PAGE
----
DENVER — It’s been nearly six full months since Colorado opened the door to recreational marijuana, and its impact depends upon who you ask.
A national marijuana advocacy group has released a study pointing to facts that demonstrate some of the positive aspects of legal marijuana, but opponents are citing some troubling facts of their own.
After six months of recreational marijuana many people haven’t changed their opinions of it.
“On a personal level I’m not a fan of it. I wish we didn’t have it,” said LeeAnn Bernosky.
“I don’t see a problem in it,” said Mike Falkowski. “I actually think that alcohol is much worse.”
Now, as the six month mark approaches, a marijuana advocacy group is trying to cut through the opinion with facts.
“This program is showing that we can improve public safety, revenue in the economy, and our individual civil liberties all at the same time,” said Michael Elliott with the Marijuana Industry Group.
The Drug Policy Alliance, a marijuana advocacy group, released a study that found legal marijuana generated $10.8 million dollars in tax revenue for Colorado in four months. Despite worries about public safety, violent crime has also fallen 5.2 percent from this time last year.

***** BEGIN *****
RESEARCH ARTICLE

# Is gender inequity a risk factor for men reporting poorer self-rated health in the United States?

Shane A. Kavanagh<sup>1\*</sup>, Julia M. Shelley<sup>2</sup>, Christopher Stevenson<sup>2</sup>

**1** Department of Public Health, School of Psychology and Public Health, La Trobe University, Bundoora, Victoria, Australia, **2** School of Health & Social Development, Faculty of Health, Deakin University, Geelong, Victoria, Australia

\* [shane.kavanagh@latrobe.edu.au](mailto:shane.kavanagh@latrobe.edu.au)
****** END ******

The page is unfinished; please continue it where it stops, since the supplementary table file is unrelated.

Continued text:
Add in another report, which found that after 20 sting operations, no retailer has been cited for selling pot to anyone underage.
“What we’re seeing is that so many of those predictions (about recreational pot) look like utter nonsense now,” Elliott said.
But opponents of recreational marijuana say they have facts of their own.
“We’ve been keeping track of other things the past six months that are concerning for us,” said Gina Carbone, with SMART Colorado.
Carbone points to numbers from poison control centers showing more kids being treated for accidentally ingesting marijuana, and two high profile cases in which edible overdoses were linked to a death and a murder.
“To have seen these very, very tragic deaths due to edibles, obviously, tells us that we still have a lot of work to do with the regulations,” Carbone said.
“Everyone is acknowledging that the potency of edibles needs to probably be lowered so that people aren’t accidentally over doing it,” Elliott said.
Opponents say stoned driving and public intoxication are also up, but advocates argue that the numbers are thanks to increased enforcement, which is funded by all that tax revenue.